Scientists at the Science and Technology Facilities Council have developed a system that measures the individual layers of cloud above us which will make answering weather questions possible in the future. This Cloud Radar will not only allow forecasters to predict the weather more precisely, the information gathered will also enable aircraft pilots to judge more accurately whether it is safe to take off and land in diverse weather conditions, offering a powerful safety capability for civil airports and military air bases.
Developed over 10 years by researchers and engineers at the STFC Rutherford Appleton Laboratory, in collaboration with the Met Office, the Cloud Radar can take a complete and accurate profile of cloud or fog up to 5 miles overhead. Operating at 94 GHz, 50 times higher in frequency than most mobile phones, the radar measures the cloud base height, its thickness, density and internal structure as well as providing similar information on cloud layers at higher altitudes.
The earliest version of the cloud radar was built to demonstrate that a low power system operating at high frequency could compete with more common radar types. It was built from the spare components of a radar altimeter designed to operate on a satellite, so that it used small, low-power components in contrast to previous cloud radars that use expensive pulsed sources which consume many times more power and have limited lifetimes.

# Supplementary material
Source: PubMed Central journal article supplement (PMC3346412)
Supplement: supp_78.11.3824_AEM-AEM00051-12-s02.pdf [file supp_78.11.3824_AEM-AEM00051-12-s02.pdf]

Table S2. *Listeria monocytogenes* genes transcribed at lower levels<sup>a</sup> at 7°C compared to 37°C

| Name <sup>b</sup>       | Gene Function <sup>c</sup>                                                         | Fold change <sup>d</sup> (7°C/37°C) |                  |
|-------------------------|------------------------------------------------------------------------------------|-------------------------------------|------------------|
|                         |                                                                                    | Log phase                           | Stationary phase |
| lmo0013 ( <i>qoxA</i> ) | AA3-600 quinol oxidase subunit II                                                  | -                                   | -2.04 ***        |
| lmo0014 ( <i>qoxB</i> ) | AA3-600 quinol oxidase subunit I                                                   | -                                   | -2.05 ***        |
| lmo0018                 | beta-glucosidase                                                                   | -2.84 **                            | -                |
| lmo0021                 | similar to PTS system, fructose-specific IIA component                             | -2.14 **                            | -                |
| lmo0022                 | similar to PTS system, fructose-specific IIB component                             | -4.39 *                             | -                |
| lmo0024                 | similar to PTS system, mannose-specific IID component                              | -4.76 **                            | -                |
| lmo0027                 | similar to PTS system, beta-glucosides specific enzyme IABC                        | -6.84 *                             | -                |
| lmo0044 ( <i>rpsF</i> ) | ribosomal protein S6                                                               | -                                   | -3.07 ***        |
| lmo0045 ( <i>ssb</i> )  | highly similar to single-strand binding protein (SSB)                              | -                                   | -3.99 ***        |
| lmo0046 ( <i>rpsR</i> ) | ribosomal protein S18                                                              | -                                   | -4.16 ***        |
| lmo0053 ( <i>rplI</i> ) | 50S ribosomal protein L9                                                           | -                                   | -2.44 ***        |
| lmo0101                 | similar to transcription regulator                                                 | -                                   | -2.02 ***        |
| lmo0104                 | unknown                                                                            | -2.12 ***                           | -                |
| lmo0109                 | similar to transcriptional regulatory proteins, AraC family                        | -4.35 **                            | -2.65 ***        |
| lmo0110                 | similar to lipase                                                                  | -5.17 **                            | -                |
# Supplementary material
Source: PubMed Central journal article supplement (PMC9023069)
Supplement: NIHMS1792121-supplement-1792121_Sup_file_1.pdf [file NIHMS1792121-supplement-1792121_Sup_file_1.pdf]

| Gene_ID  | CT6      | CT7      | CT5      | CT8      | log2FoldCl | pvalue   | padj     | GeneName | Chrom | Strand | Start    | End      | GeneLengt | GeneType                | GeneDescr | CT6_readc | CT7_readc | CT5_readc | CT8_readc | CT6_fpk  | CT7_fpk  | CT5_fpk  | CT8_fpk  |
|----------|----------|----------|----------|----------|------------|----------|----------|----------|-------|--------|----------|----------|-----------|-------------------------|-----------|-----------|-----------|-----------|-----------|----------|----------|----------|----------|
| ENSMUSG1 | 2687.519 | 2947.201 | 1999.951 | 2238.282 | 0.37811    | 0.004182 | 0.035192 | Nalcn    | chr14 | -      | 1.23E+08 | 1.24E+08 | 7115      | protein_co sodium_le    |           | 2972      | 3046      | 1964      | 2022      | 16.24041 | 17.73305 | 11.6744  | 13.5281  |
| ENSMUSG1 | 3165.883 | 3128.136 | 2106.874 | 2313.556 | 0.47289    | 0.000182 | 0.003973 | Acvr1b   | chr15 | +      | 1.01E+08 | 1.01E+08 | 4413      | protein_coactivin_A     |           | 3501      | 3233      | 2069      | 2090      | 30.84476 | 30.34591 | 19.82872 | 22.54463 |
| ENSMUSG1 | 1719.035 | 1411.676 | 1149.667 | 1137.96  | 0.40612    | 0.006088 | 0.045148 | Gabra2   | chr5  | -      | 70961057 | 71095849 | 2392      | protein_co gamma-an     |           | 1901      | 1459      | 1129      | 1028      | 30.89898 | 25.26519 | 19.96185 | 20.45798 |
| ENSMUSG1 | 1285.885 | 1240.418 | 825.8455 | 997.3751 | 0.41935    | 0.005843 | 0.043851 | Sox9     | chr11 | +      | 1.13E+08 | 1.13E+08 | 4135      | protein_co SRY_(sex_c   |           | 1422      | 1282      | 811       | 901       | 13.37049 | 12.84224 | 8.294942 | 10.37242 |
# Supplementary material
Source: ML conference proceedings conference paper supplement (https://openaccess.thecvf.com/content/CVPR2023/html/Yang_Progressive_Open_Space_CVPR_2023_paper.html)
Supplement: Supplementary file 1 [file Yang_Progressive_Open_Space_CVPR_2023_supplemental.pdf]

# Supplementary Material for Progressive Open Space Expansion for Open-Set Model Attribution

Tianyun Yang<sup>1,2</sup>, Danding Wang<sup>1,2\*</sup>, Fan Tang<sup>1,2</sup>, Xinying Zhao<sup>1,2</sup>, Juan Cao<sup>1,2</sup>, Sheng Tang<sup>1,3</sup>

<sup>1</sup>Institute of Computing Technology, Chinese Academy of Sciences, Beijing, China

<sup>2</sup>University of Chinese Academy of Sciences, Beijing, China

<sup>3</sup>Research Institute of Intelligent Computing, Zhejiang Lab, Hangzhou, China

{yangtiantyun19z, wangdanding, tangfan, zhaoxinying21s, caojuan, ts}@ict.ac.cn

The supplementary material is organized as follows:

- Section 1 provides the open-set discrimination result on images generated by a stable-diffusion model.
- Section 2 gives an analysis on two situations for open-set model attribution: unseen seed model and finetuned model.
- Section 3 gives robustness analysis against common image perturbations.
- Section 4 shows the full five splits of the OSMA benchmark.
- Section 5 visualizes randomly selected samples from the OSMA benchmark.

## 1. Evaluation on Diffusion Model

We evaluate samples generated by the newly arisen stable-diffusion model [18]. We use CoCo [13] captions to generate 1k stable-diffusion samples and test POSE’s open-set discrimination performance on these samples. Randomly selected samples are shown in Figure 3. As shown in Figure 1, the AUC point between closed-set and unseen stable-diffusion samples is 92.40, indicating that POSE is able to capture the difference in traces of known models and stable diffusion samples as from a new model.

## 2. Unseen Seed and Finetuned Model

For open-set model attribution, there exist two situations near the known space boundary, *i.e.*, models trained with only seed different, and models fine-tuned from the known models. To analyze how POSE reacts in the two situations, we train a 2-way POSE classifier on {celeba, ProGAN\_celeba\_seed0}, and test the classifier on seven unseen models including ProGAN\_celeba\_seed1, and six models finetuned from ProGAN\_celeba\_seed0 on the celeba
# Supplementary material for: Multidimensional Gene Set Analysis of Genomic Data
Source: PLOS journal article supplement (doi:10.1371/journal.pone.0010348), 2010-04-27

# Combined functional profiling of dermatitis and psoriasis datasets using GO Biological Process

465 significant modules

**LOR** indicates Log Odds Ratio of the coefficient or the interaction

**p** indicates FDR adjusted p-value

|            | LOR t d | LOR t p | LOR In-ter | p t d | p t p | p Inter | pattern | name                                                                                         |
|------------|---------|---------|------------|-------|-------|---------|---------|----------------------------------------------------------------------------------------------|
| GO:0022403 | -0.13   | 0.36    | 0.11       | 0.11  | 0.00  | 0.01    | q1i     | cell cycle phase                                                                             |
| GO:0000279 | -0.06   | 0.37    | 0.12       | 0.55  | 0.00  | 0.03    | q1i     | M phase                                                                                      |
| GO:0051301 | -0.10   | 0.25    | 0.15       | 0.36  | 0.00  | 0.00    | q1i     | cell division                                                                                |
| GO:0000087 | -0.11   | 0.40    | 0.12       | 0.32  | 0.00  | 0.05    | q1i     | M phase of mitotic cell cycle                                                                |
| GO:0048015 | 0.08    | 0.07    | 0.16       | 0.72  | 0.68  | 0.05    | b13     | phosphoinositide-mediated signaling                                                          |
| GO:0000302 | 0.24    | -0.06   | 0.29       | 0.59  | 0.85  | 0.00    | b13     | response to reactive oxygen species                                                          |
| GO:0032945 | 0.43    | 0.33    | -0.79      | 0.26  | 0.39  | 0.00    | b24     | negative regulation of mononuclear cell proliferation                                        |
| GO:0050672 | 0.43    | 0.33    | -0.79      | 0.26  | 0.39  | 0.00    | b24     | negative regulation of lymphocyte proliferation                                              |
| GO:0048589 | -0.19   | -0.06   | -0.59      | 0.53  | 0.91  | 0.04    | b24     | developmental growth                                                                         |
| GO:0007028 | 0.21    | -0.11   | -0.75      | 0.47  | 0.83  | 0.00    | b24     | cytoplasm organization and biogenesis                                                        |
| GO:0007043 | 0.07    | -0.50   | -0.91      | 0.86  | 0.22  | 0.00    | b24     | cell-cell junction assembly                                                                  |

Brian Moyna, Senior Systems Engineer at STFC said: "In a nutshell, our Cloud Radar takes a slice of cloud and provides a complete and accurate vertical profile. Compared to conventional pulsed radar instruments, this radar is a low power, high sensitivity, portable instrument that uses all solid state components for lower cost and increased reliability."
The Met Office has just purchased a Cloud Radar which is being trialled at sites around Britain. Additionally, a Cloud Radar has also been acquired by the University of Marburg in Germany.
The radar consists of a millimetre-wave frequency source that continuously emits a low power signal in the vertical direction that is frequency modulated. A signal is returned, mainly due to what is known as 'back-scattering' from water droplets and ice crystals in the atmosphere. This signal is picked up by a receiver and converted to a microwave signal, which is then digitised, analysed and a real-time image of the returned signal intensity versus altitude is displayed for the user.
The new Cloud Radar is the result of several hundred thousands of pounds of investment into the Space Science & Technology Department at STFC with proof of concept funding from CLIK, STFC's wholly-owned technology exploitation company, along with the Met Office.
Tim Bestwick, Chief Executive of CLIK said "This is an exciting example of how fundamental scientific research can result in such useful and practical applications, in this case, with more accurate weather forecasting and the potential to make our skies a safer place."